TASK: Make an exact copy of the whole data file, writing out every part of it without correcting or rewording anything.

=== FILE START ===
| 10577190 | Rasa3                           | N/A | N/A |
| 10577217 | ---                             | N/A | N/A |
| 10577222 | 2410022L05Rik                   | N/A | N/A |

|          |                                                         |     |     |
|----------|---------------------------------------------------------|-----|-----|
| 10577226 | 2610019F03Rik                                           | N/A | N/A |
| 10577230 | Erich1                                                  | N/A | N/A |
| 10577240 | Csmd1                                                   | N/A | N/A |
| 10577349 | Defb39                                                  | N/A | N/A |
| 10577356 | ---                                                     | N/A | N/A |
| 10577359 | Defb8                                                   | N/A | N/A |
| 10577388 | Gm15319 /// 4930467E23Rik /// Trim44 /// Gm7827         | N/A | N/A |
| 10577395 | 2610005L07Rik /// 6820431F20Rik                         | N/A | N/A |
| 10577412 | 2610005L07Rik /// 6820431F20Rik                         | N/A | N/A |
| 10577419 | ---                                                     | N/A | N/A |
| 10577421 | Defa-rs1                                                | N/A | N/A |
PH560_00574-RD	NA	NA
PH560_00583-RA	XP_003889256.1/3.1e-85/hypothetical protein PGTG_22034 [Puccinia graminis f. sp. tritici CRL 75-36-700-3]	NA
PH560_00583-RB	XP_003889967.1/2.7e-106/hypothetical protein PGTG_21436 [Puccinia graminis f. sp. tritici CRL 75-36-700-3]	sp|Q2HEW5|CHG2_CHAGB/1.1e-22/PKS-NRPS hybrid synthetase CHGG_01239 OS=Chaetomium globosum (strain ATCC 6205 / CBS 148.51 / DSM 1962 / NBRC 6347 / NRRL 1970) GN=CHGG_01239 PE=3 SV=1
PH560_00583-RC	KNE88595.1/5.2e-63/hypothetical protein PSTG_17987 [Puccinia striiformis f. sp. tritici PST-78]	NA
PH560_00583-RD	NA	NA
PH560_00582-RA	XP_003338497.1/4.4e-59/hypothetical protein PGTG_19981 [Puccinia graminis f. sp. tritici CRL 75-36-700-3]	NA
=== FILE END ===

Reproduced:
| 10577190 | Rasa3                           | N/A | N/A |
| 10577217 | ---                             | N/A | N/A |
| 10577222 | 2410022L05Rik                   | N/A | N/A |

|          |                                                         |     |     |
|----------|---------------------------------------------------------|-----|-----|
| 10577226 | 2610019F03Rik                                           | N/A | N/A |
| 10577230 | Erich1                                                  | N/A | N/A |
| 10577240 | Csmd1                                                   | N/A | N/A |
| 10577349 | Defb39                                                  | N/A | N/A |
| 10577356 | ---                                                     | N/A | N/A |
| 10577359 | Defb8                                                   | N/A | N/A |
| 10577388 | Gm15319 /// 4930467E23Rik /// Trim44 /// Gm7827         | N/A | N/A |
| 10577395 | 2610005L07Rik /// 6820431F20Rik                         | N/A | N/A |
| 10577412 | 2610005L07Rik /// 6820431F20Rik                         | N/A | N/A |
| 10577419 | ---                                                     | N/A | N/A |
| 10577421 | Defa-rs1                                                | N/A | N/A |
PH560_00574-RD	NA	NA
PH560_00583-RA	XP_003889256.1/3.1e-85/hypothetical protein PGTG_22034 [Puccinia graminis f. sp. tritici CRL 75-36-700-3]	NA
PH560_00583-RB	XP_003889967.1/2.7e-106/hypothetical protein PGTG_21436 [Puccinia graminis f. sp. tritici CRL 75-36-700-3]	sp|Q2HEW5|CHG2_CHAGB/1.1e-22/PKS-NRPS hybrid synthetase CHGG_01239 OS=Chaetomium globosum (strain ATCC 6205 / CBS 148.51 / DSM 1962 / NBRC 6347 / NRRL 1970) GN=CHGG_01239 PE=3 SV=1
PH560_00583-RC	KNE88595.1/5.2e-63/hypothetical protein PSTG_17987 [Puccinia striiformis f. sp. tritici PST-78]	NA
PH560_00583-RD	NA	NA
PH560_00582-RA	XP_003338497.1/4.4e-59/hypothetical protein PGTG_19981 [Puccinia graminis f. sp. tritici CRL 75-36-700-3]	NA